Journal pages contained entries about the Germans, Jews and exiled Christians who defied the government and regime during the Czarist, Bolshevik and Soviet era by speaking their mind, expressing their thoughts. Initials were included of those sent or taken away by the secret police during the night.   

The journal was their way of recording secretly or corporately the tragedies, pogroms, even critical opinions of the anarchy and Czar they suffered under, then the Bolsheviks and finally the Soviet era. It was a kaleidoscope of all they went through, a mix of everything endured in their lives, the happy and the sad, their despair, tears, cries, fears and prayers.

When I was finished documenting and updating files, saved and sent, I shut everything down and climbed into bed, completely drained from the long day. The nighttime pain relievers were becoming a regular habit. Within minutes I drifted off, asleep.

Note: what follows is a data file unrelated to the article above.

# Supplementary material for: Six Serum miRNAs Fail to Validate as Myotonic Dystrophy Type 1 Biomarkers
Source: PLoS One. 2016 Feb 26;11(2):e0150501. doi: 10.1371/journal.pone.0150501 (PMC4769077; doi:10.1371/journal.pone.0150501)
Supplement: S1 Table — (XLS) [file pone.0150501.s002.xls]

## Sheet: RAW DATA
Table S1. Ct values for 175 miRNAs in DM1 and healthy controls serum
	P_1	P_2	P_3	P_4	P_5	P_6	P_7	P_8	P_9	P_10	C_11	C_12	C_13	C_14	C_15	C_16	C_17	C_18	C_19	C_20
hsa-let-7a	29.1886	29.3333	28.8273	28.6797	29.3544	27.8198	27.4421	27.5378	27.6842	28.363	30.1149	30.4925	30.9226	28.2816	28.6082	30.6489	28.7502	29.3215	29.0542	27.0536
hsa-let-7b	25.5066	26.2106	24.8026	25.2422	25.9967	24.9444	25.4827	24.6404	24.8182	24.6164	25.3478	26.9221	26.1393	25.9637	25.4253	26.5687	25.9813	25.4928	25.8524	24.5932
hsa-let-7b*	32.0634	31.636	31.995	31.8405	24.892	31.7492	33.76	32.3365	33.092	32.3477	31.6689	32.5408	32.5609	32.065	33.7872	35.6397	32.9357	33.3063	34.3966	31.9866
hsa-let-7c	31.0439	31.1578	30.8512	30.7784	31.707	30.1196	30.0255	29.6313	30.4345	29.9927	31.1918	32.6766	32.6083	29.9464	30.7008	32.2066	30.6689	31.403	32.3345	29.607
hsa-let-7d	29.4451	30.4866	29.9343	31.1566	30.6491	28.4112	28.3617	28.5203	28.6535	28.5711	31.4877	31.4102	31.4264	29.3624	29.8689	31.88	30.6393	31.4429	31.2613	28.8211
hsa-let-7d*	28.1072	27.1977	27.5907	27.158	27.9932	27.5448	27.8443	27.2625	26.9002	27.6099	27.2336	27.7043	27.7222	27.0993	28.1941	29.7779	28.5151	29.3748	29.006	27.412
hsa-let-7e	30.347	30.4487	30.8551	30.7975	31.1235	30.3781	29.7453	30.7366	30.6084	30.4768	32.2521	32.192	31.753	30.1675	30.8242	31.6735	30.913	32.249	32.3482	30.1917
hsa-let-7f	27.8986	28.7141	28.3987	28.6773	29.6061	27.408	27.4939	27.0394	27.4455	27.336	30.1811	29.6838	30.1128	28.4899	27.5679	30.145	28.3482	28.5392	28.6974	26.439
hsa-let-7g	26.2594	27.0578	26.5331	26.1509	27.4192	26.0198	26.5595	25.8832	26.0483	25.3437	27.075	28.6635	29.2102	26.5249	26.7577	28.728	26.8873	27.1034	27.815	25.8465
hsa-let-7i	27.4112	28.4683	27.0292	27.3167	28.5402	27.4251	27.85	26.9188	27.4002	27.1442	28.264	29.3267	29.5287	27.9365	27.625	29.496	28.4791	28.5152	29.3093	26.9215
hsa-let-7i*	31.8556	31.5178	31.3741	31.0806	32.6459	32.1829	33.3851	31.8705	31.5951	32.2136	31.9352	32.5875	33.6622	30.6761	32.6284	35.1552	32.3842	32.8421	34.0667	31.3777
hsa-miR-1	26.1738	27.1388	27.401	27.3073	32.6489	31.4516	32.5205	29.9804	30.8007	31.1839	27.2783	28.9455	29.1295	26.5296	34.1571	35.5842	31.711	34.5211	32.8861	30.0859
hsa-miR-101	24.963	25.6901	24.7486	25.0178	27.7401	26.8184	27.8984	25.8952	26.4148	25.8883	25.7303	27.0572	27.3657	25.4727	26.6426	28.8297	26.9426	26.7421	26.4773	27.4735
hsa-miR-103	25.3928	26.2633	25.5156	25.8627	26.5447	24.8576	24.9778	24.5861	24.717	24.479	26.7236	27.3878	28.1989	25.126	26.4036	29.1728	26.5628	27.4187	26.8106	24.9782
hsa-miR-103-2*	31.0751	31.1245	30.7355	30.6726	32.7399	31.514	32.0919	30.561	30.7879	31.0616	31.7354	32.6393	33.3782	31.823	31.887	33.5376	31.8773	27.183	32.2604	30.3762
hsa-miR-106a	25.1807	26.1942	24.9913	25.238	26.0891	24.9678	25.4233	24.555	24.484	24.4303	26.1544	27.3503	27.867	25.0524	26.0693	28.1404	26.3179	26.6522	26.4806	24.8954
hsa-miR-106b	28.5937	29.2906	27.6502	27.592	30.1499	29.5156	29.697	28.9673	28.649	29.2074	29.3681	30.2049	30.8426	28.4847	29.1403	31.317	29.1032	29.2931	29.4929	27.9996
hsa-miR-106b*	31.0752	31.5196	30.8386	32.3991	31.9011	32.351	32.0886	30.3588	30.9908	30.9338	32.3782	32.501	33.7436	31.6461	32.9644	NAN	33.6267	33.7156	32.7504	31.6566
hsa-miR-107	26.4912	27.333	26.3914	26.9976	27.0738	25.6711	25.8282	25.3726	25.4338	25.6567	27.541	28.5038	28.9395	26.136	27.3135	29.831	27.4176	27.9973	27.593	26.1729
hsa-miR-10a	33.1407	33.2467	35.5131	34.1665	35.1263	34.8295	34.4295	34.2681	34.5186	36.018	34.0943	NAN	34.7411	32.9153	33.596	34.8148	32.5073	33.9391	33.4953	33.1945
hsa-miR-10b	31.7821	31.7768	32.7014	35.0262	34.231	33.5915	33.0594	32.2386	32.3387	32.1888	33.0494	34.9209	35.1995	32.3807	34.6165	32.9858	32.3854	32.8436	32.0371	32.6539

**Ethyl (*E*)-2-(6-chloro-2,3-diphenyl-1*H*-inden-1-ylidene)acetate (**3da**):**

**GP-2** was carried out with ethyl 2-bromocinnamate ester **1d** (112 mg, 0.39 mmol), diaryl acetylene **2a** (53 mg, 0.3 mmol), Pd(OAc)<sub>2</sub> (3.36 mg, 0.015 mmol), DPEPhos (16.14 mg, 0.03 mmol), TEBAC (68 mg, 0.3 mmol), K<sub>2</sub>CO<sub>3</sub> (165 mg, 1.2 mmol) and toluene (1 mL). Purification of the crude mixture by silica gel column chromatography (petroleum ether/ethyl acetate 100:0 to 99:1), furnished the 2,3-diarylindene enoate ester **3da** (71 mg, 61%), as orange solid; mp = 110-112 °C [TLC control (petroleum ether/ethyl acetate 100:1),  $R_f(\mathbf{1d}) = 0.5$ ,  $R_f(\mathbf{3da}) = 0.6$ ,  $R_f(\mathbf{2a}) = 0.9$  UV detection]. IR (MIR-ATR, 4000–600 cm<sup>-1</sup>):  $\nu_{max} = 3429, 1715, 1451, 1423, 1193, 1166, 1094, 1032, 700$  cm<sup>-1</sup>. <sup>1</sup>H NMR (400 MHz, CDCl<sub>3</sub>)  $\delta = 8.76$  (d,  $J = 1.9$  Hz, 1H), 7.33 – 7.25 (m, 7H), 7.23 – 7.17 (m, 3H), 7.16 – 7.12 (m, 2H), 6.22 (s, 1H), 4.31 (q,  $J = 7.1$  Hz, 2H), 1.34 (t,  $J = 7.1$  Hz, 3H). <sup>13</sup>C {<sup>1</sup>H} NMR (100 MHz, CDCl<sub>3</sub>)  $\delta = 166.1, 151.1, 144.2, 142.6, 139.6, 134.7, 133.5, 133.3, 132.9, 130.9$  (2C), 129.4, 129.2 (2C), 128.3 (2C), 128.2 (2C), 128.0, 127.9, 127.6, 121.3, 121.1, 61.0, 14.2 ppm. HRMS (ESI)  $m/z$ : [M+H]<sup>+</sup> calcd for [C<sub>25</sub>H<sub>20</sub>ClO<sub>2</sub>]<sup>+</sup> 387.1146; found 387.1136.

I ran clutching the journal, a speeding car chasing me once again down the same road I’d walked before. I tripped, stumbling in my effort to get away. The car came to a sudden halt behind me. Two men got out, walked to my crouching body as I tried to get up from the graveled road, tightly clutching by bag. Familiar faces, the men in the hallway at the consulate’s office in Odessa. One was the man in the accident on the road I had witnessed. They were not dressed in suits as before, but wore tunics with ballooned sleeves secured at the waist with wide belts, vests and suede boots like the Cossacks of old Russia. Thick fur hats covered their heads.  Long bushy mustaches grew wild above their mouths smelling of vodka. They laughed, prying the journal from my hands. I was forced to go with them as they shoved me into the back seat where another person sat waiting. I could not see that person’s face. It was too dark. But I heard a laugh, cynical, taunting. “Well, Monica we meet at last.”